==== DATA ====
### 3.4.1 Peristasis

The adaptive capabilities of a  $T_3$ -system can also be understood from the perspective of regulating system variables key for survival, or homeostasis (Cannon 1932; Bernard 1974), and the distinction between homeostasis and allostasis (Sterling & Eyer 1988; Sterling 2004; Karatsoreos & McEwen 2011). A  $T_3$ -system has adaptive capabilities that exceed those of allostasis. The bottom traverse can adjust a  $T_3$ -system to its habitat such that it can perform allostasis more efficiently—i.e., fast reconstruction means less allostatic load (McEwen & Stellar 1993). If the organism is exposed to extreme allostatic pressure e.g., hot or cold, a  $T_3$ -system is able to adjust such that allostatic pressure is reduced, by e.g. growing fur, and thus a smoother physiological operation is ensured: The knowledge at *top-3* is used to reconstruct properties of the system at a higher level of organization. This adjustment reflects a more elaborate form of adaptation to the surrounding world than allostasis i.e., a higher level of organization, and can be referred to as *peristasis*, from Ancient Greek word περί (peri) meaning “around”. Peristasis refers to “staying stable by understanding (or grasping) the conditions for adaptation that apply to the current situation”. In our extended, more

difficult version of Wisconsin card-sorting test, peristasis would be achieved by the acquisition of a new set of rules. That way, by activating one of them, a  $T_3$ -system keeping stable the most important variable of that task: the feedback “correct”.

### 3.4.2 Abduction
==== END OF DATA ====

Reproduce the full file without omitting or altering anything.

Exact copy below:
### 3.4.1 Peristasis

The adaptive capabilities of a  $T_3$ -system can also be understood from the perspective of regulating system variables key for survival, or homeostasis (Cannon 1932; Bernard 1974), and the distinction between homeostasis and allostasis (Sterling & Eyer 1988; Sterling 2004; Karatsoreos & McEwen 2011). A  $T_3$ -system has adaptive capabilities that exceed those of allostasis. The bottom traverse can adjust a  $T_3$ -system to its habitat such that it can perform allostasis more efficiently—i.e., fast reconstruction means less allostatic load (McEwen & Stellar 1993). If the organism is exposed to extreme allostatic pressure e.g., hot or cold, a  $T_3$ -system is able to adjust such that allostatic pressure is reduced, by e.g. growing fur, and thus a smoother physiological operation is ensured: The knowledge at *top-3* is used to reconstruct properties of the system at a higher level of organization. This adjustment reflects a more elaborate form of adaptation to the surrounding world than allostasis i.e., a higher level of organization, and can be referred to as *peristasis*, from Ancient Greek word περί (peri) meaning “around”. Peristasis refers to “staying stable by understanding (or grasping) the conditions for adaptation that apply to the current situation”. In our extended, more

difficult version of Wisconsin card-sorting test, peristasis would be achieved by the acquisition of a new set of rules. That way, by activating one of them, a  $T_3$ -system keeping stable the most important variable of that task: the feedback “correct”.

### 3.4.2 Abduction